AC: First, be absolutely certain your deer is dead. If you’re not sure, approach from a safe direction and touch the deer with your foot or the end of your rifle barrel. Once that’s done, tag your deer. Next, take a moment to calm down and catch your breath. You’ll want to field-dress your deer as soon as you can, but another minute or two won’t matter. If it’s gun season, and if you remove a layer of clothing, make sure you’re still wearing some blaze orange. Lay out everything you need. If it’s been a while, mentally rehearse those next few steps. There. Now let’s get to work.
LW: Is there a right way and a wrong way to field dress a deer?
AC: We’ll show you a method that works, and variations are fine. You’ll definitely hear different opinions on where to start the job and how to complete certain steps. But I can think of three traditional practices hunters should definitely avoid. First, don’t cut those tarsal glands on the deer’s hind legs. Although some hunters slice them off to avoid contaminating the meat, there’s no better way to do exactly that than to slice into them and then use the same knife to field-dress and butcher your deer. Instead, just leave those scent glands alone. Second, don’t cut the deer’s throat to bleed it out. It’s totally unnecessary, and it only provides an extra opening for dirt and germs. Finally, for that same reason, don’t open your deer up all the way from its chin to its tail. Not necessary.
LW: Which part of butchering a deer presents the most challenges?
AC: Field-dressing is the most messy, unpleasant part of the entire process. But you’ll be doing that job yourself anyway, even if you pay someone else to take it from there. After that, it just gets easier. Another thing to remember: If your steaks don’t all turn out to be perfectly symmetrical, it’s no big deal. Some of those chunks are going to end up as stew or burger anyway. Even if parts of the very best cuts end up as scraps and shreds, they’ll be great for stir-fries and fajitas. So don’t worry about perfection. Just relax.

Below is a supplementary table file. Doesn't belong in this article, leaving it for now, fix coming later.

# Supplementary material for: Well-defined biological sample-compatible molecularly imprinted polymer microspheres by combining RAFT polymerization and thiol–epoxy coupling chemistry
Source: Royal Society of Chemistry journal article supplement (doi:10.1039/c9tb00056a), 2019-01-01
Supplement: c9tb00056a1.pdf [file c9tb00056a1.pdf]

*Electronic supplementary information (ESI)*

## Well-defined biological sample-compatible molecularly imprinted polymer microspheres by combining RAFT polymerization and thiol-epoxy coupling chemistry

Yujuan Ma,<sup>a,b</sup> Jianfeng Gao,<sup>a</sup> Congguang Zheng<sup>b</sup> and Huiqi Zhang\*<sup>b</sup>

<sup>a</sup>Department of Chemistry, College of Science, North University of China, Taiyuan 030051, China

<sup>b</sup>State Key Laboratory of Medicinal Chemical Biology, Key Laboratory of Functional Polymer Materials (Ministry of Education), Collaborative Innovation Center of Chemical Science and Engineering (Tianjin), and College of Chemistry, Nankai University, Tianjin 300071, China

That said, certain steps can be a little challenging—especially the first few times. Depending on the deer, for example, skinning can take longer than expected. But don’t be discouraged if it’s difficult right from the beginning. Some of the leg areas that are harder to peel are also the areas you’ll skin first. It gets easier as you go along. What else? Trimming meat off the shoulders and hindquarters takes patience, and some of those bones and joints might not be exactly where you expect them to be. It gets easier with practice. A good rule of thumb is to just follow the individual muscle groups and cut them out one at a time. They are separated with a fibrous silver skin which makes following them easy. Just take your time, and remember that it’s not a race and you can’t really mess up.